• Micro management and the enablement of others are mutually exclusive. This is because the empowerment of people, which is at the core of the Legitimate Leadership Model, is not possible without the capacity for trust and entrustment. Those in authority who need to be in control of outcomes find it extremely difficult, if not impossible, to let go. They constantly check up on or second guess the decisions taken by their subordinates.
  • Ego driven leaders are in it for themselves. The success they strive for is their success, reflected in their position, level or significance, not that of their people. Their extreme competitiveness is experienced as ambition, sometimes ruthless ambition. They make very poor coaches. At an extreme they diminish their people – in order to be “big “; they keep others “small “, which is the very opposite of what a Legitimate Leadership leader is there to do.
  • Victims feel themselves to be at the mercy of forces beyond their control. They have what psychologists refer to as an external locus of control. Victims in charge are a problem. This is because victim behaviour is contagious, victims beget victims. Victim leaders often take the opportunity which high office affords them to get their own back on those they are convinced have disadvantaged them in the past. They use their position to take what they believe they are owed or are entitled to. At an extreme they plunder the resources that they have access to.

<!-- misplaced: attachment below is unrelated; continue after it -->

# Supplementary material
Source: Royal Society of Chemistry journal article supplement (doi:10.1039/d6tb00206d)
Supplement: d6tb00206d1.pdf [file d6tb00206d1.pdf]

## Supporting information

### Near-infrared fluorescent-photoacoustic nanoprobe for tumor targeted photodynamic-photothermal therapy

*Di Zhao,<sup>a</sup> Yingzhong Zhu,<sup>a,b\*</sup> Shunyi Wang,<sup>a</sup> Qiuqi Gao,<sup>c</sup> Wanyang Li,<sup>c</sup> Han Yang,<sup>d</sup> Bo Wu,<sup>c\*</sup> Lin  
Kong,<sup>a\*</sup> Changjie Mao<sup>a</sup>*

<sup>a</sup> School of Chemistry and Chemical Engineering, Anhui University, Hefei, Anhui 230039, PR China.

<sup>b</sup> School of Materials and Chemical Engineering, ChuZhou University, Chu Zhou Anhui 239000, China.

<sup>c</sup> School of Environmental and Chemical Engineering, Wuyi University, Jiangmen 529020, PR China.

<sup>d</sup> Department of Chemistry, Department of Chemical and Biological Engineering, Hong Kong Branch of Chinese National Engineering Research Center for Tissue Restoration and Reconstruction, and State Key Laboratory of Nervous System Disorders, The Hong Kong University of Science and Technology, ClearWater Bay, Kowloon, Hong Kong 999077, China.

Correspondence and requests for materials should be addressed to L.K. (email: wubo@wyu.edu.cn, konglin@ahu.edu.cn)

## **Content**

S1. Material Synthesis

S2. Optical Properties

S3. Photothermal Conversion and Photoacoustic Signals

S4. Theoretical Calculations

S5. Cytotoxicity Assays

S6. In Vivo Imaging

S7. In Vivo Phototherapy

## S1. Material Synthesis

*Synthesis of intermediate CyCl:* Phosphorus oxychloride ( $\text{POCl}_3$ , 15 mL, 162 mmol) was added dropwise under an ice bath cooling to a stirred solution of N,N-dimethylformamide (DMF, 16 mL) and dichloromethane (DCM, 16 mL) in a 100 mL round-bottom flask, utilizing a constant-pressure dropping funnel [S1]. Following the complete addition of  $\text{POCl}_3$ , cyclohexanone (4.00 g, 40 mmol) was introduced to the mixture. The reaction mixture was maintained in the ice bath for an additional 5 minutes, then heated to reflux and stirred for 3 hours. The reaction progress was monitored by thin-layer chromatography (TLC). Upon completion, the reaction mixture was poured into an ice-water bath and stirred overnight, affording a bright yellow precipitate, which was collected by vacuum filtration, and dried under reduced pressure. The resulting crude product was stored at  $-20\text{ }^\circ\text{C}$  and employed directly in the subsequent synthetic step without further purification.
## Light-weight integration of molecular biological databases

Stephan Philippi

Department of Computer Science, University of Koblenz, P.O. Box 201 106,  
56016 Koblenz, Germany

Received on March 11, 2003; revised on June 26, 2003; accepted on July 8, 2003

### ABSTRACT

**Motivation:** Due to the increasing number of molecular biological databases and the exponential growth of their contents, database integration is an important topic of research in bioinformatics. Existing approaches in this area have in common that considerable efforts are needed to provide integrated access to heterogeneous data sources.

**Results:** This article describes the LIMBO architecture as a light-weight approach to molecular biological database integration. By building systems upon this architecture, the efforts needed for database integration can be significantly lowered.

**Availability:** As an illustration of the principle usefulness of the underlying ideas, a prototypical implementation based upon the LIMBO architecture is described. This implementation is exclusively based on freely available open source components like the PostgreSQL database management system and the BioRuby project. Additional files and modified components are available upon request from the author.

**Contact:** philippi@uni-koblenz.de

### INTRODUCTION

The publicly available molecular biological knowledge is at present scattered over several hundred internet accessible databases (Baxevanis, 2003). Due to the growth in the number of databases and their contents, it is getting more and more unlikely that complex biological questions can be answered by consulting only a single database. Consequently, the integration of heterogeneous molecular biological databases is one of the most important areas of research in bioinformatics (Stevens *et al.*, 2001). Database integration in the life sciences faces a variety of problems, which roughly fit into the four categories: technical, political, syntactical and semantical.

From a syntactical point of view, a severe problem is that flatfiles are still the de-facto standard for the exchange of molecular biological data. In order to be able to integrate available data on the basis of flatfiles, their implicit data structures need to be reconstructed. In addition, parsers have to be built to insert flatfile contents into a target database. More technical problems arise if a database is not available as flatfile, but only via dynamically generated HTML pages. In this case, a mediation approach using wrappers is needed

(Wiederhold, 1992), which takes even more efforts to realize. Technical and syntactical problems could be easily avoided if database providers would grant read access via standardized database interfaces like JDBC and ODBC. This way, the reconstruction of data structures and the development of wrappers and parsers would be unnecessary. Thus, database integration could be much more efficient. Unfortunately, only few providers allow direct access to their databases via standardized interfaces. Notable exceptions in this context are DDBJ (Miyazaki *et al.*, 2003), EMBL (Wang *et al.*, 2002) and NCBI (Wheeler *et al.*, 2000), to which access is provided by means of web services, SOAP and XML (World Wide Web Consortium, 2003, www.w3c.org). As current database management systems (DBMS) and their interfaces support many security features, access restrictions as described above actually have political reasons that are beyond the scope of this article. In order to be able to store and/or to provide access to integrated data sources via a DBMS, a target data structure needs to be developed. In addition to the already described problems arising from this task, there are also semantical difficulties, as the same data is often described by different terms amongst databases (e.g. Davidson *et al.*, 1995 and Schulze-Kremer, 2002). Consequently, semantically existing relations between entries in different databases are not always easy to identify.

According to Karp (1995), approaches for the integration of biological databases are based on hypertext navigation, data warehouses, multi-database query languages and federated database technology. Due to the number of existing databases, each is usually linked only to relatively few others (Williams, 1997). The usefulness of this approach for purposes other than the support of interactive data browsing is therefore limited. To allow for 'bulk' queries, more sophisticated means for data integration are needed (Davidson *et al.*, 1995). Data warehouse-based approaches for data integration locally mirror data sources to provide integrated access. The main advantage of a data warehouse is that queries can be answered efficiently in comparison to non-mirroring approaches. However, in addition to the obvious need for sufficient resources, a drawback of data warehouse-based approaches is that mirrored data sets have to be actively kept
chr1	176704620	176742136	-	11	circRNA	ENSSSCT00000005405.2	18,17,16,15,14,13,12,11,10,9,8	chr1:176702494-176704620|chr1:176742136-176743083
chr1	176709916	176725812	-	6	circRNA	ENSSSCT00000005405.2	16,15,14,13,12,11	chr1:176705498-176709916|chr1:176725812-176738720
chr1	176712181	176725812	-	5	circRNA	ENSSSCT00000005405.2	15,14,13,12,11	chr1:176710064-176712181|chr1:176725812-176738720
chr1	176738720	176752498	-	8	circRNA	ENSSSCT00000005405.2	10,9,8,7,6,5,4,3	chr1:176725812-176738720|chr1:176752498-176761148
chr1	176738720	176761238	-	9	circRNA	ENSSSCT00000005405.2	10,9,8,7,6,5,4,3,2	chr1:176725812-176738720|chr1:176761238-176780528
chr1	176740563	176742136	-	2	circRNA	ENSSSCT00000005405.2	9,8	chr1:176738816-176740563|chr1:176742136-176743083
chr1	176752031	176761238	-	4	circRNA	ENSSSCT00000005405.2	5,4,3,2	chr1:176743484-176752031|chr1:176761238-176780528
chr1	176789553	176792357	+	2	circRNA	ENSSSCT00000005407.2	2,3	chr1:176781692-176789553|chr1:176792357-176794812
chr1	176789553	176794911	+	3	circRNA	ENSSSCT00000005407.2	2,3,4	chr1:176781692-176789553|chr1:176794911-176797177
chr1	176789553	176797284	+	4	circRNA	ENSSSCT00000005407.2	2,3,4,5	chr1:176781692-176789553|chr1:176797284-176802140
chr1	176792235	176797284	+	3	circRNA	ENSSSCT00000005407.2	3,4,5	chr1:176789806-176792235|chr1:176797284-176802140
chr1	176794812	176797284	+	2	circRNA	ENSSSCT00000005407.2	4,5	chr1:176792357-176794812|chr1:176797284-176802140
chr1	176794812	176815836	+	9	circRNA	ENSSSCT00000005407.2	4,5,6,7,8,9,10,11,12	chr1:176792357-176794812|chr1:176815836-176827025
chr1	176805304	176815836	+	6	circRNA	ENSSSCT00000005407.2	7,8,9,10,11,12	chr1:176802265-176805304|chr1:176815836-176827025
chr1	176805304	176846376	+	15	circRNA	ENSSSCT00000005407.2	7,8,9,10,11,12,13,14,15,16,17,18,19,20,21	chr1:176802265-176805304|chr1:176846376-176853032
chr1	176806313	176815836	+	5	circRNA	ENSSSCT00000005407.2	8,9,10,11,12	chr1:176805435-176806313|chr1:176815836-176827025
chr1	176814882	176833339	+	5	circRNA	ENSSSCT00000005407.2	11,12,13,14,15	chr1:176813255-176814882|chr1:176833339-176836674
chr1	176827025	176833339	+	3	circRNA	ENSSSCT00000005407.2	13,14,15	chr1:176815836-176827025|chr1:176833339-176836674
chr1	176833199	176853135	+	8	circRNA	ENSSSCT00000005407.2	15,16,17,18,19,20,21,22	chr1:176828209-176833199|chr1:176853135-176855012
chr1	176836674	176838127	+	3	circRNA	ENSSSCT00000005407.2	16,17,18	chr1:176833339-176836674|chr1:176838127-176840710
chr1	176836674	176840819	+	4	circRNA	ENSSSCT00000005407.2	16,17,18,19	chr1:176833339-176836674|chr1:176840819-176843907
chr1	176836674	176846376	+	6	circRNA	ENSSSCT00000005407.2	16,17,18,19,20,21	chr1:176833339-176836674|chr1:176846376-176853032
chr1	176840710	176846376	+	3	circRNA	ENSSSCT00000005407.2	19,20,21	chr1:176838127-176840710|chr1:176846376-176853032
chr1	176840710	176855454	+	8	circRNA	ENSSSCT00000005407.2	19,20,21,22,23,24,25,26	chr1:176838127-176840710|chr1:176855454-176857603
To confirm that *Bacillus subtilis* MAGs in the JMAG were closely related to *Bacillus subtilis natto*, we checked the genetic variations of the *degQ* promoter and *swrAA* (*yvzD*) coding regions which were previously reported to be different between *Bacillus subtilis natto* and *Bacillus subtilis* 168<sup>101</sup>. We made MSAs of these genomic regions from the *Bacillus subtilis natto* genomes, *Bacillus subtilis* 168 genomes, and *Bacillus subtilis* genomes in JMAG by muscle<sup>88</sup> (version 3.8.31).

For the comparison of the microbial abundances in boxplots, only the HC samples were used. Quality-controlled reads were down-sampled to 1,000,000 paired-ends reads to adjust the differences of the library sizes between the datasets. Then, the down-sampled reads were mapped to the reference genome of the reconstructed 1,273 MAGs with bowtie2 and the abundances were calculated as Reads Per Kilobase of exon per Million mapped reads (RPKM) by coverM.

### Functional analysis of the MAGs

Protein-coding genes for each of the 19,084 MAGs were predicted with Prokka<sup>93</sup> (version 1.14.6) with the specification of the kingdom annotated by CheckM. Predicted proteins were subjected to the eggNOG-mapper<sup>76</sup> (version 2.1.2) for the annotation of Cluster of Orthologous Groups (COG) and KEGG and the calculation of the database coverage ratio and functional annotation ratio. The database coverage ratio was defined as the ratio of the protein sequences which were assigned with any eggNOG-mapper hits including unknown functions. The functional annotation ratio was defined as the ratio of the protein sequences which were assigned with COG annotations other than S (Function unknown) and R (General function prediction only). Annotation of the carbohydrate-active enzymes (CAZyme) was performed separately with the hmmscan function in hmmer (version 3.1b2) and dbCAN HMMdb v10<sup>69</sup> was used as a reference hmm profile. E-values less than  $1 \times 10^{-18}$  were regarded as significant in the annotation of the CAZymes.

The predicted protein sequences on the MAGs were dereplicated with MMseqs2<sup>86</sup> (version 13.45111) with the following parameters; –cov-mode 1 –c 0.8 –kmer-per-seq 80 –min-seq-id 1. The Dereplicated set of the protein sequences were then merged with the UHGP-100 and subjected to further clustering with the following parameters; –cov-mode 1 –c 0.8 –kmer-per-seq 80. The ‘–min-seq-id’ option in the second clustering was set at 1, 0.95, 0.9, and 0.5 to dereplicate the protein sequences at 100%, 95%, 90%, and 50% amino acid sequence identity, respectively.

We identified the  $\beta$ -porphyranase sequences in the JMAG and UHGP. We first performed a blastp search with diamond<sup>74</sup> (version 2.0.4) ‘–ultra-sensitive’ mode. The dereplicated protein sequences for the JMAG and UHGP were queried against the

• Lack of empathy can be experienced as a leader who lacks the “common touch”, is too patrician or aloof. Of greater concern is a person in authority who simply does not have a sincere concern for those in his/her charge, who has no compassion. This kind of leader is seen as hard-hearted, as a person who would easily sacrifice the people for the results, who would never sacrifice the results for the people.

We have all come across people in leadership roles who evince one or more of the above characteristics. There are propellorheads /geeks, popularists, control freaks, victims, egoists and results-at-all-costs people in every organisational hierarchy. There is a widespread view, moreover, that there are more of these kinds of people in the upper ranks of management than lower down in organisations. Put another way, there is a belief that there is an inverse relationship between “being here to give” and a person’s position in a hierarchy.

I am not convinced that this is true. I believe there are “givers” and “takers” at every level in an organisation. Moreover we should not confuse the ability to ascend an organisational hierarchy with leadership leaders. The latter bring out the best in the people in their charge. They generate unprecedented levels of trust, willingness and loyalty. The former do not.

People in authority with one or more of the six attributes above have people working for them who do their bidding and deliver the results, short term. But they don’t have people who do the extraordinary. Their people are continuously susceptible to a better offer. When the business hits a rocky patch – and what business does not? – they don’t pick up the oars and row through the stormy seas. They jump ship.

Intent is a matter of choice for anyone in command. A commitment to “give” to one’s people as opposed to “get” from them, to make their care and growth a priority or not, is a choice that anyone in a leadership role has to make. That choice has inevitable consequences.

Wendy Lambourne